In the spring of 1796, Ellsworth was appointed Chief Justice of the United States, but his contribution was brief and deservedly overshadowed by the accomplishments of his successor, John Marshall, who succeeded him in 1800.
Ellsworth was a candidate in the 1796 United States presidential election, receiving eleven votes in the electoral college, sharing with John Adams the distinction of gaining most votes in both New Hampshire and Rhode Island.
As United States Envoy Extraordinary to the Court of France, Ellsworth led a delegation there between 1799 and 1800 in order to settle differences with Napoleon's government regarding restrictions on U.S. shipping that might otherwise have led to military conflict between the two nations. The agreement accepted by Ellsworth provoked indignation among Americans for being too generous to Napoleon. Moreover, Ellsworth came down with a severe illness resulting from his travel across the Atlantic, and the Federalist party had fallen into disarray and was easily defeated by Republicans led by Jefferson. As a result, Ellsworth retired from national public life upon his return to America in early 1801. He was nevertheless able to serve again on the Connecticut Governor's Council until he died in Windsor in 1807. He is buried in the cemetery of the First Church of Windsor. It is entirely a matter of speculation, but Ellsworth's conciliatory negotiations with Napoleon might have contributed to Napoleon's sudden choice three years later to sell the Louisiana Territory to the United States for $15 million.
In retrospect, Ellsworth's role in helping to establish the United States as a viable sovereign nation was important but could be easily overlooked. A good part of the reason for this was that he did not distinguish himself as an orator but worked as much as possible behind the scenes. He was said to have been dominant in his eloquence at the January, 1788, Connecticut Ratifying Convention, but later as the de facto Senate majority leader he seems to have kept his arguments relatively short and to the point. His written prose could on occasion be tortuous, as best illustrated by the operative sentence in Section 25 of the Judiciary Act (the second of only two sentences). Over three hundred words long, this sentence is almost impossible to decipher as an explanation how state courts were answerable to federal authority. But perhaps this opacity was intentional, since the expansion of federal power specified by Section 25 was mostly overlooked in debate both in the Senate and House of Representatives despite having been the most important and potentially controversial portion of the Judiciary Act.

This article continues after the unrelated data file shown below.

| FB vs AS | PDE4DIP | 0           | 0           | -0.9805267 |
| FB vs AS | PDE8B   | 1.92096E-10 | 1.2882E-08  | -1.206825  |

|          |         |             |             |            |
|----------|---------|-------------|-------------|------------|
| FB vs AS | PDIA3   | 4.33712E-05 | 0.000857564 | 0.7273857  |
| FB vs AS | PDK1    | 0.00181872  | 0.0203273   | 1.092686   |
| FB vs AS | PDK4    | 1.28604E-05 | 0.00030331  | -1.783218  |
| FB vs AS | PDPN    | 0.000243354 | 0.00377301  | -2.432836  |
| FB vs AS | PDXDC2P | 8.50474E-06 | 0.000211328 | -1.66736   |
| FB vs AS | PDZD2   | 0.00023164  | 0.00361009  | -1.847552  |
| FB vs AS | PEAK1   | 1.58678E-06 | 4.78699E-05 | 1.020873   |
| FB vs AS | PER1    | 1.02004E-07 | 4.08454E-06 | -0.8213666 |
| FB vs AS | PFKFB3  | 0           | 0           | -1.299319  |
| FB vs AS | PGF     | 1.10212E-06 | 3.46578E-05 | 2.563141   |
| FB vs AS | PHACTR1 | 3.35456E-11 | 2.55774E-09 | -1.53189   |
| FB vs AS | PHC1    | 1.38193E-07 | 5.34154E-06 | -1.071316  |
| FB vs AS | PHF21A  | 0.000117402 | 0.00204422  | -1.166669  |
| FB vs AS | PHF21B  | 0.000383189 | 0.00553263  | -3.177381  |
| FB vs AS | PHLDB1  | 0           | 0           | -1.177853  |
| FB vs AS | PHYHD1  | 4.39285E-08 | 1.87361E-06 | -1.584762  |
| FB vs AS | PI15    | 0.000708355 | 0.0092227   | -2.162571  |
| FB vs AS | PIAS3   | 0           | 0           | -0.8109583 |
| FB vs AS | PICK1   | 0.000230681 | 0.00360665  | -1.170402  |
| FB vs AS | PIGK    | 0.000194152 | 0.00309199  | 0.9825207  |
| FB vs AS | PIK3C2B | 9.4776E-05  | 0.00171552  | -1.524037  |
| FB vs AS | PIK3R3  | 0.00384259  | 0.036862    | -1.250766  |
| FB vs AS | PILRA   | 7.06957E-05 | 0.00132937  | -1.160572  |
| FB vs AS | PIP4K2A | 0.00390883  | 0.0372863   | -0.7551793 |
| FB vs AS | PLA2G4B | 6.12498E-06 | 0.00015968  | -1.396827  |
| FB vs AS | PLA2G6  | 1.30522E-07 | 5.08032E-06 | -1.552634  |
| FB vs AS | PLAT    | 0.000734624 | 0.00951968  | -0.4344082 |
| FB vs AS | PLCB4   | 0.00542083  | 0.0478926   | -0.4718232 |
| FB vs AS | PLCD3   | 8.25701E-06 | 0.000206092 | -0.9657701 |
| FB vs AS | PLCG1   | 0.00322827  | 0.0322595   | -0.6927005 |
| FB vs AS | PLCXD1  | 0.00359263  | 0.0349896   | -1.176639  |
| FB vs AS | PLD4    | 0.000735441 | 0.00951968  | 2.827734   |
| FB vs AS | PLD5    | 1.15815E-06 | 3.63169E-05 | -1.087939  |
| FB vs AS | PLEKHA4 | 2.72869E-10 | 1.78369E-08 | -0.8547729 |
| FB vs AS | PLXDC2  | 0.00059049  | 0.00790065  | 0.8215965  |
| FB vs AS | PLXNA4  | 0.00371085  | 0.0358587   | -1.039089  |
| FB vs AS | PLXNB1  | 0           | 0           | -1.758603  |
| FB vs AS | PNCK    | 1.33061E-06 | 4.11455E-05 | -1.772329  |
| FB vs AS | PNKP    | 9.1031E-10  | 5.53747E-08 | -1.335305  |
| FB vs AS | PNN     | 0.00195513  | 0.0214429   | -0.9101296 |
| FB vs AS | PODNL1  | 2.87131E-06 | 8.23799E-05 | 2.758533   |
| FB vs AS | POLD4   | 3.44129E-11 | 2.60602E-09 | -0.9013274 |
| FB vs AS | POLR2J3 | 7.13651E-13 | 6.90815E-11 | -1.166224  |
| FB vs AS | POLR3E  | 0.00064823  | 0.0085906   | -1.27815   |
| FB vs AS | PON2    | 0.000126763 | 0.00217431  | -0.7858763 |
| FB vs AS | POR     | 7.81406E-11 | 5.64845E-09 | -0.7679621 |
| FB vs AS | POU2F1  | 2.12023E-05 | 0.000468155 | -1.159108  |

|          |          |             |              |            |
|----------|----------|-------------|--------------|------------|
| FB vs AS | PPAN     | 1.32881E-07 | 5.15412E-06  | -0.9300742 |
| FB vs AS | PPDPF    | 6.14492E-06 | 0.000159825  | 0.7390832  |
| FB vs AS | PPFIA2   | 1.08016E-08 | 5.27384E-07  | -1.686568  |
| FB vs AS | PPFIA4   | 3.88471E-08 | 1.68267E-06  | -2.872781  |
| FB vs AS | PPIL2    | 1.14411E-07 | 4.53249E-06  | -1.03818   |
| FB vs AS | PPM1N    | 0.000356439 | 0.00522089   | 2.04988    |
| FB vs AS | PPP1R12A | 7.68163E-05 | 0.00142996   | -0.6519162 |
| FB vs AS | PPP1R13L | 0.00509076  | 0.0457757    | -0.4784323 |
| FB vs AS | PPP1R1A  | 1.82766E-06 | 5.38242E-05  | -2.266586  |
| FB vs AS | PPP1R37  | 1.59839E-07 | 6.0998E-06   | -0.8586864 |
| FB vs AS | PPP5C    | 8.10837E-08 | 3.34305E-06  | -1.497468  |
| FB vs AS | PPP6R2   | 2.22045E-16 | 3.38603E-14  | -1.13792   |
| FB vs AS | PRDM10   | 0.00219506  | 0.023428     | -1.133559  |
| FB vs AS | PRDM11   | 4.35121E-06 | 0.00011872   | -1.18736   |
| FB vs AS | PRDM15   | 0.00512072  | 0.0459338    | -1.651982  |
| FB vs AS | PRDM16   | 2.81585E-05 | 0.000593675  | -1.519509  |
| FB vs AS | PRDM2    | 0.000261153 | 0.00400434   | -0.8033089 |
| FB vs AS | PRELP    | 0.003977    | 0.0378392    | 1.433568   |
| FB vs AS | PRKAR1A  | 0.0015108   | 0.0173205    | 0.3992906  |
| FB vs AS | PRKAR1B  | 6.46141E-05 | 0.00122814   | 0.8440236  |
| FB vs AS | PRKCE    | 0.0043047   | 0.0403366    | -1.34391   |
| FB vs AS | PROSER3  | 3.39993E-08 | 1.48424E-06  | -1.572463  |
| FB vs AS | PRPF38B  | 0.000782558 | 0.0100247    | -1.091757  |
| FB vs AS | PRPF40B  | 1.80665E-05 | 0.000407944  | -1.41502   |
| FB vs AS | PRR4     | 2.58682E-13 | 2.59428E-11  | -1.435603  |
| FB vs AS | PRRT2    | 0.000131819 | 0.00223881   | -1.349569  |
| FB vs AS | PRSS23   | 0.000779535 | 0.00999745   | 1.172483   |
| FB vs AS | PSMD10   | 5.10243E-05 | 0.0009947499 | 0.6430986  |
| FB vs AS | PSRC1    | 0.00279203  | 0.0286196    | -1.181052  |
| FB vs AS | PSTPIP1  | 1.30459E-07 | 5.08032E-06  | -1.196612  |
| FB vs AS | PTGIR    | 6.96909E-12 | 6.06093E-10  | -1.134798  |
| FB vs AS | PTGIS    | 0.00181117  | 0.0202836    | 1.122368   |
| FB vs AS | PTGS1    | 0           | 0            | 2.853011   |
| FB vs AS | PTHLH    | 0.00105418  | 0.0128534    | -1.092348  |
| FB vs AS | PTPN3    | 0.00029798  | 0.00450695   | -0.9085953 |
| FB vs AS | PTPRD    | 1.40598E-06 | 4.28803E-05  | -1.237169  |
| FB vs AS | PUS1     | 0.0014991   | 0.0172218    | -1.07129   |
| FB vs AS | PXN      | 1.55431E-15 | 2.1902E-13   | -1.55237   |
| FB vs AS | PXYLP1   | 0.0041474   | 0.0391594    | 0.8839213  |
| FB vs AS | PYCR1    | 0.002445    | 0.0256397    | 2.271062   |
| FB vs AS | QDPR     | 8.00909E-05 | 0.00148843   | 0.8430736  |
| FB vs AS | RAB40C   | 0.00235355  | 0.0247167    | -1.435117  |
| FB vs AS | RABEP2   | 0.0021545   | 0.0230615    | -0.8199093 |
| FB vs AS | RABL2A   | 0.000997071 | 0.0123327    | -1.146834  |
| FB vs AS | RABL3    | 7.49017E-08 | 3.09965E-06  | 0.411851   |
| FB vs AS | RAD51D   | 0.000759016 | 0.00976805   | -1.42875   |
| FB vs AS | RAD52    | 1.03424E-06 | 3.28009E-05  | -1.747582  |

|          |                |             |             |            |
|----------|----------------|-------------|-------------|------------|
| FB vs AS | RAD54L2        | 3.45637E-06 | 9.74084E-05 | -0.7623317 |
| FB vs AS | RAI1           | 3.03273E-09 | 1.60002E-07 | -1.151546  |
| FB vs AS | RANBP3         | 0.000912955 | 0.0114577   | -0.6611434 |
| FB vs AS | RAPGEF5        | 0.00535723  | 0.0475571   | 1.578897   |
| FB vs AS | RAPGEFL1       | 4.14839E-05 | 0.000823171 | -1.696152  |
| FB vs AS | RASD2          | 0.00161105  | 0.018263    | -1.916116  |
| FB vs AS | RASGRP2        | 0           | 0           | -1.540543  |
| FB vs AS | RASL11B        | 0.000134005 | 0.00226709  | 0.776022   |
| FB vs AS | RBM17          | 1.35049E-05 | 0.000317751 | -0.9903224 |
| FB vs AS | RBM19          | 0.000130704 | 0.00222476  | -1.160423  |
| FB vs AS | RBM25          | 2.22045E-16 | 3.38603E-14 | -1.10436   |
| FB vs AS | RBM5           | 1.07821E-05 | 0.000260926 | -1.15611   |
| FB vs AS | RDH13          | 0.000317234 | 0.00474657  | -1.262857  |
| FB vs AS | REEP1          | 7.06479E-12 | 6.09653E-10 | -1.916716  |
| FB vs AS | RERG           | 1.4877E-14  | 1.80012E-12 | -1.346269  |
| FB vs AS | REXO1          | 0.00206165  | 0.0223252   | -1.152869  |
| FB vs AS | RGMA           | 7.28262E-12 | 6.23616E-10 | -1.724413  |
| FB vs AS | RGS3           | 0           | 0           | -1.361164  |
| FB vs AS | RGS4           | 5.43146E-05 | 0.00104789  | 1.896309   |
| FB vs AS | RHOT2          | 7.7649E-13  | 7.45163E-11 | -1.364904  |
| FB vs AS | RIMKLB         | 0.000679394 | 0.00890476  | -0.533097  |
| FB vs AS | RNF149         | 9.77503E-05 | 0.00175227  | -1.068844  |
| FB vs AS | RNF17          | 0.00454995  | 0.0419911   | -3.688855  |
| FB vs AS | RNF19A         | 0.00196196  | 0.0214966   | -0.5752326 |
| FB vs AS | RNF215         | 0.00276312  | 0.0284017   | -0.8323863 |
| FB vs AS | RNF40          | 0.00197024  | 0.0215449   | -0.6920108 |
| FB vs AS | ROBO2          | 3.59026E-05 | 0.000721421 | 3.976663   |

That Ellsworth promoted the federal government as a unified confederacy without the limitations imposed by the Articles of Confederation enhanced his popularity during the first several decades of our nation's history, especially in the South preceding the Civil War. In 1847, thirteen years before the Civil War, John Calhoun praised Ellsworth as the first of three Founding Fathers (including Sherman and Paterson) who gave the United States "the best government instead of the worst and most intolerable on the earth." [Brown, 164-65] However, rapid industrialization and the centralization of our national government since the Civil War have led to the almost complete neglect of Ellsworth's pivotal contribution at the inception of our government. Few today know much of anything about him. The one full-length biography by William Garrott Brown, published in 1905 and reprinted in 1970, is excellent but difficult to obtain.
Ellsworth's twin sons followed their father in public service. William Wolcott Ellsworth married a daughter of Noah Webster and became Governor of the State of Connecticut. His twin brother, Henry Leavitt Ellsworth, became mayor of Hartford, then the first commissioner of the U.S. Patent Office, and later the president of Aetna Life Insurance Company. He was influential in the creation of Agriculture Department, and he was appointed by President Jackson to supervise the so-called Trail of Tears, the transfer of Cherokee Indians from Georgia to the Oklahoma Territory that cost approximately 4,000 lives. Henry Leavitt was also a friend of the inventor Samuel Morse, and his daughter Annie Ellsworth proposed the first message transmitted by Morse over the telegraph, "What hath God wrought?"
Even if Ellsworth was viewed as "a valuable acquisition ot the Court," and "a great loss to the Senate," he resigned after just 4 years due to his "constant, and at times excruciating pains," sufferings made worst by his Europe travels, as special envoy to France.